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Posts Tagged ‘Applied Comics’

Comics, politics and heritage - well, I talked about archaeology in Wales, and Mickey's a dragon...

Comics, politics and heritage – well, I talked about archaeology in Wales, and Mickey’s a dragon…

A very quick thanks to everyone who contributed to a great Comics Forum session on comics, politics, community and heritage today. Lots of interesting discussion, and lots of new things to think about.

If anyone’s interested, there’s a .pdf of my paper here.

Looking forward to tomorrow’s Comics Forum sessions – and to the remainder of the Thought Bubble events through Sunday!

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From "Peak Oil", by Stuart McMillen. Check out stuartmcmillen.com for more of his comics.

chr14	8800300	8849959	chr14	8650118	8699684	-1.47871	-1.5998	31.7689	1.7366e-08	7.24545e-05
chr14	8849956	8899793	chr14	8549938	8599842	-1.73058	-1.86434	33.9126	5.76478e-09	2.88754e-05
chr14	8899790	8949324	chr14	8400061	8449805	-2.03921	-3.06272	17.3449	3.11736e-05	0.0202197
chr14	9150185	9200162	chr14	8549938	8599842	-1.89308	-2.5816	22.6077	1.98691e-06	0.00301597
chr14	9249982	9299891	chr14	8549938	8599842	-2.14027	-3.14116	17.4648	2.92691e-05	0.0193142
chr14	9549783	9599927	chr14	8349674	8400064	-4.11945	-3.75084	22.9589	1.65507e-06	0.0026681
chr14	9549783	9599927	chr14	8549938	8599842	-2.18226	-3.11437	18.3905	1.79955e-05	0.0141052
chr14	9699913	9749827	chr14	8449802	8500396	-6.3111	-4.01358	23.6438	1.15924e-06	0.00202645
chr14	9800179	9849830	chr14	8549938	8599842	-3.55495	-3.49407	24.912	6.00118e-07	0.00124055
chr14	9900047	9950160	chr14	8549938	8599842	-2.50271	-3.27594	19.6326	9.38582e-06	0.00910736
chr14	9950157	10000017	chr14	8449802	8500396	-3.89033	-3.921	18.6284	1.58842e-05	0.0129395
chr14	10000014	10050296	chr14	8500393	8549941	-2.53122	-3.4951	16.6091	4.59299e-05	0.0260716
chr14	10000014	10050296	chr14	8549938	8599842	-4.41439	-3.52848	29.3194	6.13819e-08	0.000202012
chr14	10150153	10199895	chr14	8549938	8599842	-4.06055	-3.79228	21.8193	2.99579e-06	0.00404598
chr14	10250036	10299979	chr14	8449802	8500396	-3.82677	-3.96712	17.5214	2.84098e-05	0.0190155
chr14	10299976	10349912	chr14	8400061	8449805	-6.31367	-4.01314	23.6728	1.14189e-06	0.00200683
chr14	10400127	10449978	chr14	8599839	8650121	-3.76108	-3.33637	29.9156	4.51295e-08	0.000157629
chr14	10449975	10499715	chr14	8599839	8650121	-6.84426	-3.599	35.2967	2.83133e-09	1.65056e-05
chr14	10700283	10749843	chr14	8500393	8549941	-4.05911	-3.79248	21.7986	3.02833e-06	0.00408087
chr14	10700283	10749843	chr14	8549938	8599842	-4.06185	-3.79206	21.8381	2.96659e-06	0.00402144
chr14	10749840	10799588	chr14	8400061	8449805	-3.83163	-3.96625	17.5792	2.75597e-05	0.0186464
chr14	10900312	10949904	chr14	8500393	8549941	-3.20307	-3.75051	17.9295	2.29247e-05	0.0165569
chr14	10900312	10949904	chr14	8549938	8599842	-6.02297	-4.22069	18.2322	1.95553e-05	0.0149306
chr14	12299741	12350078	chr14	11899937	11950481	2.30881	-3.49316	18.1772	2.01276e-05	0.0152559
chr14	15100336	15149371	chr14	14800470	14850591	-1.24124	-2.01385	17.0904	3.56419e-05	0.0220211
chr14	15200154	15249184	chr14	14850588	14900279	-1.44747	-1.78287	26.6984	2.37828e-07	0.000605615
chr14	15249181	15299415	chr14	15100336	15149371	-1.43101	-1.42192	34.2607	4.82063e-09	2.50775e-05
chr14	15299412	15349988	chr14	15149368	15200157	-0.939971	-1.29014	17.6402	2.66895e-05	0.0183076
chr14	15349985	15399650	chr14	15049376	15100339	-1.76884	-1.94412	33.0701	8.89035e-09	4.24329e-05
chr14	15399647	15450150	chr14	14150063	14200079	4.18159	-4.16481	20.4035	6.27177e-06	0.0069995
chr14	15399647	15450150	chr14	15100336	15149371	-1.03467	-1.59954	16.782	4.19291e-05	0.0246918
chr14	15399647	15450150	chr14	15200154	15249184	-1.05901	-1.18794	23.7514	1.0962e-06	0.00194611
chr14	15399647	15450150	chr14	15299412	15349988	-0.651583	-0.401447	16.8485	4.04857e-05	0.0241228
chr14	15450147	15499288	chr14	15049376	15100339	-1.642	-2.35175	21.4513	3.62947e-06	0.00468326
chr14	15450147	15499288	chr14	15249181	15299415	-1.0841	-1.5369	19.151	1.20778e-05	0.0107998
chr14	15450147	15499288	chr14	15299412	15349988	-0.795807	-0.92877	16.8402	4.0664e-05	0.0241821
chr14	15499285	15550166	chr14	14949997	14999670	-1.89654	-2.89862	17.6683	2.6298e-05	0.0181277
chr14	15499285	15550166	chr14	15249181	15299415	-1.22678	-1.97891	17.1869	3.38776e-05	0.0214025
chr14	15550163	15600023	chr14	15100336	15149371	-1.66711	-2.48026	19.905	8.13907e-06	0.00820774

From “Peak Oil”, by Stuart McMillen. Check out stuartmcmillen.com for more of his comics.

Speaking of applied comics, thanks to James McKay who’s pointed me in the direction of a great web comic by Australian artist Stuart McMillen – Peak Oil.

It’s a 120-page comic all about the life and theories of M. King Hubbert, the petroleum geologist and economist who developed the concept of “peak oil”. Stuart’s open, clear artwork and clever storytelling bring what could be a rather dull subject to fascinating life. Lots of very clear exposition of Hubbert’s theories, the logic and evidence behind them, and their social, technological and political implications. This is not just a simple exercise in informational illustration: Stuart has created a dynamic and inventive text that gives unfamiliar and complex geological and economic theories a human face. A great piece of comics-writing.

Stuart’s got more projects in the pipeline, and an impressive archive of other work already. Check out his other comics at the end of Peak Oil – and don’t forget to watch his video!